We herein report our initial experience of 12 radical prostatectomies for organ confined (OC) disease. Age range was 50-70 years. Preoperative PSA levels were raised in 3. Clinical staging was A2, B1 and B2 in 2, 4 and 6 patients respectively. Operative blood loss ranged from 800-1200 cc with mean post-operative stay of 15 days. Among the complications, 2 patients had urine leak because of spontaneous rupture of Foley balloon and subsequent expulsion of urethral catheter and were managed with reinsertion of catheter endoscopically. Pathological analysis of the specimen showed capsular penetration (positive CP) and involvement of seminal vesicles (positive SV) in 3; 1 of which had positive urethral cut margin (positive UCM) and pelvic nodes (positive LN) in addition. One patient had only positive LN. Remaining 8 patients had disease limited to prostate. All are continent at 3 to 18 months follow up although I required endoscopic bladder neck incision at 3 months post-operatively.
[ABSTRACT]   Full text not available    [CITATIONS]
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Nephrectomy in a haemophiliac Under Cover of highly purified factor VIII
MC Songra, NP Gupta, OP Malhotra
January-June 1994, 10(2):77-78
Intensive monitoring and availability of reliable, specific and highly purified factor VIII have made surgery in haemophilia safe. We report successful nephrectomy in a severe haemophiliac with use of highly purified factor VIII without any complication. However, it is very costly.
[ABSTRACT]   Full text not available   
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Role of epidermal growth factor and transforming growth factor-alpha in urogenital disorders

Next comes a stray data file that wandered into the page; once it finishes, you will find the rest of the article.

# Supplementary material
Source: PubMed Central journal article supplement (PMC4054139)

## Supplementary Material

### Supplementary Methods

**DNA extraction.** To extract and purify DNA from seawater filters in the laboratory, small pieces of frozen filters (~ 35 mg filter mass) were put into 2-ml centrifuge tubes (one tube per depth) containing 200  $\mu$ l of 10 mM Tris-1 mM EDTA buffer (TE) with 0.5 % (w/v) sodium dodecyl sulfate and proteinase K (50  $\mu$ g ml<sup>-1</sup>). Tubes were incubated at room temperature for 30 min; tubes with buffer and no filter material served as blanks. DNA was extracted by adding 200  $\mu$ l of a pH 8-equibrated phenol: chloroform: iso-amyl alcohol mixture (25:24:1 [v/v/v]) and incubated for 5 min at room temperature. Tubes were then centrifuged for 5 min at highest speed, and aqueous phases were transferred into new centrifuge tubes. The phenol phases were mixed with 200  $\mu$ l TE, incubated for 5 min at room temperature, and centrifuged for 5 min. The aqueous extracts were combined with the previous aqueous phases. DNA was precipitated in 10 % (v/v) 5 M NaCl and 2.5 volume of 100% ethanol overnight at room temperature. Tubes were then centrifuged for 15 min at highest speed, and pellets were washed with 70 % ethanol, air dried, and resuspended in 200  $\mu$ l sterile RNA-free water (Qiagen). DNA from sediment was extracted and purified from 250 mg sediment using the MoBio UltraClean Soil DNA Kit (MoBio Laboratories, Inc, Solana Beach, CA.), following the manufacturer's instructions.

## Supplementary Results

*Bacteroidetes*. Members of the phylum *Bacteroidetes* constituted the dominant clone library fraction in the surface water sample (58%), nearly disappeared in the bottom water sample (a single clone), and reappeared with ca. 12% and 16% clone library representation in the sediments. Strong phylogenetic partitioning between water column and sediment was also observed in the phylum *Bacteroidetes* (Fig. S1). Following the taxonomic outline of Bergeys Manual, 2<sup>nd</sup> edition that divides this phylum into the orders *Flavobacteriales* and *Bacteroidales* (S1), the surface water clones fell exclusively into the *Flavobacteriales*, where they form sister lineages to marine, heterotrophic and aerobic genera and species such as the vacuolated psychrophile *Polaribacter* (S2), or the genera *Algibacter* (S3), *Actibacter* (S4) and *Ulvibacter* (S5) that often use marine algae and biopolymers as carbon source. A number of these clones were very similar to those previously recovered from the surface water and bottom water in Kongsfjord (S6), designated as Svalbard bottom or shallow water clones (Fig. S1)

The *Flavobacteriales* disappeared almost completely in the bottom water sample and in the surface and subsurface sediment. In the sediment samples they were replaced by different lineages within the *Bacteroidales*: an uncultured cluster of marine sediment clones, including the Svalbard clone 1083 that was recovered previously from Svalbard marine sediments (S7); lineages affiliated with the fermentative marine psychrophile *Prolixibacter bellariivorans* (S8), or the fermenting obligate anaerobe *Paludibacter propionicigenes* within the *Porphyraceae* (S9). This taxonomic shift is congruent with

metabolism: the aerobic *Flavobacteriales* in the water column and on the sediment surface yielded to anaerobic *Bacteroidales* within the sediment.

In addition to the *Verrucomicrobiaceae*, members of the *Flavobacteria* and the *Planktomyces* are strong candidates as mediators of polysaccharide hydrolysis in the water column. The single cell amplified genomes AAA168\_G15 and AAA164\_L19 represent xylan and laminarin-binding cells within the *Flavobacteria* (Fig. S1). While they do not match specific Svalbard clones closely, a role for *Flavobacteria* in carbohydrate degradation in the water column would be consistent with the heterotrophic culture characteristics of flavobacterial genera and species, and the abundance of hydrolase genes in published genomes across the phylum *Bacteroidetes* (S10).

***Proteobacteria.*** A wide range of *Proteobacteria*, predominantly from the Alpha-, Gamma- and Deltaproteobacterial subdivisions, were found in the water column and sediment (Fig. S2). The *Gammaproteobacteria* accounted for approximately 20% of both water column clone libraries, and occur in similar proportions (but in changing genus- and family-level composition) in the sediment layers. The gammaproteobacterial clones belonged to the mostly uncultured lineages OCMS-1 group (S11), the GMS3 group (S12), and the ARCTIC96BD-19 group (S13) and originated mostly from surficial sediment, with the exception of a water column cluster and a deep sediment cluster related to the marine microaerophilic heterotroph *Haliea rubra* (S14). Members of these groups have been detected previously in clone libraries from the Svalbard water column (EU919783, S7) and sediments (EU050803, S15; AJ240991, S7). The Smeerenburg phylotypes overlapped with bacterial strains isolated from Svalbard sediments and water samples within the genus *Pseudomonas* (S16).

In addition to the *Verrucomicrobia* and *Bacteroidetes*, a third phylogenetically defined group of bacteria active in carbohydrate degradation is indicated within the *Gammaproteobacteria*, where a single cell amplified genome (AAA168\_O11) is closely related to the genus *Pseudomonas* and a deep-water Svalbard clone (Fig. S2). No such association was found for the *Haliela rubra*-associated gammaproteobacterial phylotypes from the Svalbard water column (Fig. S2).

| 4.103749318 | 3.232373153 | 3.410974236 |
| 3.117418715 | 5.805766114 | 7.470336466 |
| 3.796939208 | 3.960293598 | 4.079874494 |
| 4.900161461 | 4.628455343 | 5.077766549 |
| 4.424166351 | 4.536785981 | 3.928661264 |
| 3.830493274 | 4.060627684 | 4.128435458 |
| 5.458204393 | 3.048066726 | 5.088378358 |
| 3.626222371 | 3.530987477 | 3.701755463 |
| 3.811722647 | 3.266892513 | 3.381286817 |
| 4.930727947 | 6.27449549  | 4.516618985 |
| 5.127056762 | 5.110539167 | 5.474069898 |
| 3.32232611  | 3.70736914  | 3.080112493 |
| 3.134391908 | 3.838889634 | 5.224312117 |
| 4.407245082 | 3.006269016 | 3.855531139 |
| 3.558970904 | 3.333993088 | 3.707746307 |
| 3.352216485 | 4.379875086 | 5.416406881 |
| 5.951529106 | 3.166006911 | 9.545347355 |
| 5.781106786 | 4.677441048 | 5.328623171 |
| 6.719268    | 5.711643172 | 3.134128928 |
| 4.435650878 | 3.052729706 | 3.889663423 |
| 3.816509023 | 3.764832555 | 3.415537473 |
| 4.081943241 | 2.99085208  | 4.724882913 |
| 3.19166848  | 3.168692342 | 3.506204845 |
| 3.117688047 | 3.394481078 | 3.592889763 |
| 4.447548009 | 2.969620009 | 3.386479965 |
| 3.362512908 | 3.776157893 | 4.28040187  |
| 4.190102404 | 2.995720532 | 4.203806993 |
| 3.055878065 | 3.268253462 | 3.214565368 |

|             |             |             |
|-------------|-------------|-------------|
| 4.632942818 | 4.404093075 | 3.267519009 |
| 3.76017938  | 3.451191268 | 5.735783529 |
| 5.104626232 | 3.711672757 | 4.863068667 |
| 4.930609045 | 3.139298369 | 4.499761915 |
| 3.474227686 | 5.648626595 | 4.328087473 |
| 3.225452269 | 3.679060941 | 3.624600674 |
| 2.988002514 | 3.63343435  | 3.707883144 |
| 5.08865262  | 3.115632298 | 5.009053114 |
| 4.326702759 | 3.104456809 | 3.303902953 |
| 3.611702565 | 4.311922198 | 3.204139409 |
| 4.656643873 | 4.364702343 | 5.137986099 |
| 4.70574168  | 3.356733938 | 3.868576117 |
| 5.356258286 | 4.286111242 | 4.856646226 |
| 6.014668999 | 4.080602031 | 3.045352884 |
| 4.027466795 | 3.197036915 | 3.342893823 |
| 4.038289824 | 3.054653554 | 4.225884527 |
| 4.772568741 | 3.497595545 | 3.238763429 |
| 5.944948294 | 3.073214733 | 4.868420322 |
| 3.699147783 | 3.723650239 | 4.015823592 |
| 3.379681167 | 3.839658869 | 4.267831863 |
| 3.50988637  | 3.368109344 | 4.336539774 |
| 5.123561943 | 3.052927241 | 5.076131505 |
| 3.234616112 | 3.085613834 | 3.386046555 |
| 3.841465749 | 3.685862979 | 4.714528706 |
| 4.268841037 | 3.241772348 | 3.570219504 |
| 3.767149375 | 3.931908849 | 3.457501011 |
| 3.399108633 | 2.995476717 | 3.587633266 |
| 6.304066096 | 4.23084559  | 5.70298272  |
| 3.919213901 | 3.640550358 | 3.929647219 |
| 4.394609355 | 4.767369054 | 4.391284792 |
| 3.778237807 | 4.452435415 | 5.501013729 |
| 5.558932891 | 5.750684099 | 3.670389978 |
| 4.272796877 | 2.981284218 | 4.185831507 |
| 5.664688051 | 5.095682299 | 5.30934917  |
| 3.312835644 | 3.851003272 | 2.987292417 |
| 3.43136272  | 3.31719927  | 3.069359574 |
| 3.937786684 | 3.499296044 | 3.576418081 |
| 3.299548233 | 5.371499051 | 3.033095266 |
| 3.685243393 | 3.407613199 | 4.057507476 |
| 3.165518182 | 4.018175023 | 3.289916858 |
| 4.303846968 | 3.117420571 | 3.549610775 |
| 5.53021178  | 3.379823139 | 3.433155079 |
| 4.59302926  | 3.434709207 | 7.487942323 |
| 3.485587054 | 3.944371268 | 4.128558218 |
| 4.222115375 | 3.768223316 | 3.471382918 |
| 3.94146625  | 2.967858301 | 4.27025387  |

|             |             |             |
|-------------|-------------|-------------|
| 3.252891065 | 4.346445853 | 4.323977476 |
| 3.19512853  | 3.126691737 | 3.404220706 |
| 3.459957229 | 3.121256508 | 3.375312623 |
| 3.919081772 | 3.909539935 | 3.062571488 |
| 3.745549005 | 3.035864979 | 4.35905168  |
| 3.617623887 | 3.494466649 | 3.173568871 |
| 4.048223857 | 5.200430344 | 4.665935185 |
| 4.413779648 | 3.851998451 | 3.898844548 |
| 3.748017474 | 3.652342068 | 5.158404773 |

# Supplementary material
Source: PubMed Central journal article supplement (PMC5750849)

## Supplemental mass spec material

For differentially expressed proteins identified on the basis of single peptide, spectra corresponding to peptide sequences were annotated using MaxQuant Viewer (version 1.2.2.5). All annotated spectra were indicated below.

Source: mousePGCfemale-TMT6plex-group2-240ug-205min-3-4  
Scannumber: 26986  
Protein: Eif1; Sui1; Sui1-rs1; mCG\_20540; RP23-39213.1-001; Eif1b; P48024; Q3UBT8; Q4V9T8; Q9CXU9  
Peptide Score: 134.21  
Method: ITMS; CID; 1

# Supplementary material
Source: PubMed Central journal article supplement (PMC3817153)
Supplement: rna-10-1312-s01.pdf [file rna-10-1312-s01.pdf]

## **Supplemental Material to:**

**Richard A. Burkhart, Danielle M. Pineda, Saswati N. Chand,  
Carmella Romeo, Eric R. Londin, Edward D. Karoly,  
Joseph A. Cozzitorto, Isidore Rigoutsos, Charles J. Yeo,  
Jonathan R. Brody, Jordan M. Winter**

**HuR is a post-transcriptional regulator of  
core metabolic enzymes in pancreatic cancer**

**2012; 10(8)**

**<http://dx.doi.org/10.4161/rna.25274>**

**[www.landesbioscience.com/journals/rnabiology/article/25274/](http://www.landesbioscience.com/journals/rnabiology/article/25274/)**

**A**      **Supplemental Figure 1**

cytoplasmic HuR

R Indudhara, M Menon, SL Laxmanan
January-June 1994, 10(2):45-52
Growth factors are a class of proteins, which bind to specific receptors located on the cell surface. This growth factor-receptor combination induces a variety of intra-cellular events, resulting in variable responses such as growth promotion (mitogenic effect), differentiation or growth suppression in susceptible target cells. This review describes the structure of epidermal growth factor, transforming growth factor-alpha and their receptors; their tissue distribution in experimental animals and humans, and their actions observed in various in vitro and in vivo studies. The clinical significance of these growth factors in urological conditions is highlighted. The continued research concerning the mechanisms, at the cellular and molecular levels,involved in various physiological and pathological conditions such as oncogenesis has generated tremendous enthusiasm regarding the possible application of newer methods in the management of urological conditions. One such example is the use of epidermalgrowth factor antagonists such as suramin in the management of hormone-resistant prostate cancer. The potential for clinical use of EGF/TGF-alpha in urological disorders is under evaluation.
[ABSTRACT]   Full text not available   
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Mucin secreting Adenocarcinoma of the renal pelvis with xanthogranulomatous pyelonephritis
SB Desai, SR Prabhu, PD Munagekar
January-June 1994, 10(2):79-80
Full text not available    [CITATIONS]
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Tru-cut biopsy needle for endoscopic vesico-urethral suspension in stress urinary incontinence
A Thomas, AS Albert, S Bhat
January-June 1994, 10(2):90-90
Full text not available   
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Angiosarcoma of penis
R Agarwal, PK Agarwal, D Dalela
January-June 1994, 10(2):85-87
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Bilharzial granuloma of transplant Ureter : an unusual cause of allograft hydronephrosis
G Gopalakrishnan, M RN Nampoory, YM Ali, K Al-Awadhi, KV Johny
January-June 1994, 10(2):83-85
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Longterm followup of endourethroplasty for membranous urethral stricture : report of a case and review of literature
R Indudhara, M Menon
January-June 1994, 10(2):80-82
Full text not available   
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Transurethral resection of prostate under sedoanalgesia : experience in 75 cases [letter]
A Thomas, AS Albert, SK Ramesh, S Bhatt
January-June 1994, 10(2):94-94
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Renal cell carcinoma with solitary, synchronous, contralateral adrenal metastasis : a case report and review of literatures
PN Dogra, Jadeja
January-June 1994, 10(2):87-89
Full text not available